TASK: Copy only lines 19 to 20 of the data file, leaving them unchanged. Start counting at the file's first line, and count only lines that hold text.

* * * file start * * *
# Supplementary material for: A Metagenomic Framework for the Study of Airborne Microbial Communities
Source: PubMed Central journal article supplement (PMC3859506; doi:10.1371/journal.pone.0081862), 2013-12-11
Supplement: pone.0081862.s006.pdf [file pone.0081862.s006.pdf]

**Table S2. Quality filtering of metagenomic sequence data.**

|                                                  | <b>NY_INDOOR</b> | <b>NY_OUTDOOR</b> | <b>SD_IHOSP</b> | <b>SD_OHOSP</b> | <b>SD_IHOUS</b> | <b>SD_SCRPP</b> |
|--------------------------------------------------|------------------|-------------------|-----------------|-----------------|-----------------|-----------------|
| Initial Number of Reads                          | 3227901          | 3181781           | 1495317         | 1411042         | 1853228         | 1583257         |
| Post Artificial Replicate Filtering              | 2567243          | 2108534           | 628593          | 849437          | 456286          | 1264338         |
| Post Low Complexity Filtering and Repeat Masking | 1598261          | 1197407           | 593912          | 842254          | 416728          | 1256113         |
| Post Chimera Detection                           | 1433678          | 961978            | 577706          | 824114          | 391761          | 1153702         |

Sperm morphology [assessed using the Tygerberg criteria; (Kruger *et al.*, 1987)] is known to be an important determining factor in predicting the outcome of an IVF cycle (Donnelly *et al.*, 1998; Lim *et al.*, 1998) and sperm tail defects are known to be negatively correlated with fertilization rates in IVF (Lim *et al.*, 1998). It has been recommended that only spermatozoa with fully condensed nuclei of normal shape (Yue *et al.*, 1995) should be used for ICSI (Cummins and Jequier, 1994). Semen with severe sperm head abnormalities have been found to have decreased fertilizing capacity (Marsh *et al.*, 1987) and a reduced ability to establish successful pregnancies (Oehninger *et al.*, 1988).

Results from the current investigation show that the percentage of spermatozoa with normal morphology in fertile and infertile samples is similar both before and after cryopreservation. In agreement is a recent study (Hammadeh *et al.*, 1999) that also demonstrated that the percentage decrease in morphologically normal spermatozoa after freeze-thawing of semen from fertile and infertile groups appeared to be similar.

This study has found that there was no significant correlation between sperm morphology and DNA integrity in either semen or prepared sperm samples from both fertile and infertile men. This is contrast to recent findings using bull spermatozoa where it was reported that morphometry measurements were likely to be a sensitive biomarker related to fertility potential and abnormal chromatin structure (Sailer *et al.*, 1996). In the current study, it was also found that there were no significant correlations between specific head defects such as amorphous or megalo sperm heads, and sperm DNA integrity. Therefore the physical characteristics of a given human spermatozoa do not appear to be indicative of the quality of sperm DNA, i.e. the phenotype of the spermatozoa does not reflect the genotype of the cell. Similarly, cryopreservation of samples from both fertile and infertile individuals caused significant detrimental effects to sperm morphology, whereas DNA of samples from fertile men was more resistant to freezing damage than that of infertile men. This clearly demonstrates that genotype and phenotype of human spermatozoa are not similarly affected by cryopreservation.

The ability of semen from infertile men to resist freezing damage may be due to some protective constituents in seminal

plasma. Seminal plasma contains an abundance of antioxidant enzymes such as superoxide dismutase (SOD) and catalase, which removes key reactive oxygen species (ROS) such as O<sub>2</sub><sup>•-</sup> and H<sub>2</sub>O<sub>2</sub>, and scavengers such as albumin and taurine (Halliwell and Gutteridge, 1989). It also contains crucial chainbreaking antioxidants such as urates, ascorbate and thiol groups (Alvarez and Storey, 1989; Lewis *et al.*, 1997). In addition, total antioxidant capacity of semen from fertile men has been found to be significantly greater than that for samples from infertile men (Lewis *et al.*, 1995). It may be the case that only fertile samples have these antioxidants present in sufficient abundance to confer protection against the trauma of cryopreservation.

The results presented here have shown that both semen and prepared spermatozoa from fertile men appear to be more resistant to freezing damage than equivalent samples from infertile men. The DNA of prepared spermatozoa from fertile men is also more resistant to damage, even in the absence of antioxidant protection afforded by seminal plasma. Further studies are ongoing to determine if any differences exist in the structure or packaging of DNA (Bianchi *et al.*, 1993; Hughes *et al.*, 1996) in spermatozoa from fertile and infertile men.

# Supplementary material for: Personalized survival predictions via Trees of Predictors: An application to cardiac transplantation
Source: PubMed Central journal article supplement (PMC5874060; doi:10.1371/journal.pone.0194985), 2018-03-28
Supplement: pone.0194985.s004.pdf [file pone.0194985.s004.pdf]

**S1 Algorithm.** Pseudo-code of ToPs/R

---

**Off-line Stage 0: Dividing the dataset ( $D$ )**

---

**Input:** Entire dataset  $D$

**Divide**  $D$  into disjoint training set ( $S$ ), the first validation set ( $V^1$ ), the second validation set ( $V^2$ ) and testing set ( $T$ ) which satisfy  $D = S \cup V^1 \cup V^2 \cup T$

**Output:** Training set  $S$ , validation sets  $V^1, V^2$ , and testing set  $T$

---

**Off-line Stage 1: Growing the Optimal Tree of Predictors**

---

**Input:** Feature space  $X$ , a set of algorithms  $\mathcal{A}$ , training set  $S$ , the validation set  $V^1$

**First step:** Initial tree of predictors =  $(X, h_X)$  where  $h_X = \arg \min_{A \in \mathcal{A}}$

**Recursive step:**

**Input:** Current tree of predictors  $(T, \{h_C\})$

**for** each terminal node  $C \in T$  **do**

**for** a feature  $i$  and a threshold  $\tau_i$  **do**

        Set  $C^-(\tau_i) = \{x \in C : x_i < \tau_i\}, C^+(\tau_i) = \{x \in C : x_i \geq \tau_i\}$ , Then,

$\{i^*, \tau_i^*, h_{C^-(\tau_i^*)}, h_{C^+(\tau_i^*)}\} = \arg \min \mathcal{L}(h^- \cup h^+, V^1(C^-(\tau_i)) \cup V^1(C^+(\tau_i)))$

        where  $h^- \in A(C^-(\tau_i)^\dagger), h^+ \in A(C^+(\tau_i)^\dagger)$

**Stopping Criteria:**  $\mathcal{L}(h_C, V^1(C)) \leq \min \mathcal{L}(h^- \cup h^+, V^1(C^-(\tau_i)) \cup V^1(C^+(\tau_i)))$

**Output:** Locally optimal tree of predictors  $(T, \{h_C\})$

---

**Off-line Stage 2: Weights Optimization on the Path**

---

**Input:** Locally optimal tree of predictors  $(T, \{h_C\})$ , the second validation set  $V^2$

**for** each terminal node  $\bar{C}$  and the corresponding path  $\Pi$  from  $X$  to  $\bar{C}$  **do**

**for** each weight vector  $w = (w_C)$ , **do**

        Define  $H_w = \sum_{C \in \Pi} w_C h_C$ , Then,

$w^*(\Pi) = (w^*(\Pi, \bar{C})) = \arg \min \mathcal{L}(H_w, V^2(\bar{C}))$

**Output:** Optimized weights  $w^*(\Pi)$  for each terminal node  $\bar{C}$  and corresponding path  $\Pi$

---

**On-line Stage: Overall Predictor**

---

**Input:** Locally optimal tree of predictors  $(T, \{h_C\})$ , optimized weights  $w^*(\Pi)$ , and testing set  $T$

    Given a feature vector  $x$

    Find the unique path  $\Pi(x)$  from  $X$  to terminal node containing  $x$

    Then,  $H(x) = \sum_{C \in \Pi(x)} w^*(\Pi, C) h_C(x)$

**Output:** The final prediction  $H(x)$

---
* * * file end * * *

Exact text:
Supplement: pone.0194985.s004.pdf [file pone.0194985.s004.pdf]

**S1 Algorithm.** Pseudo-code of ToPs/R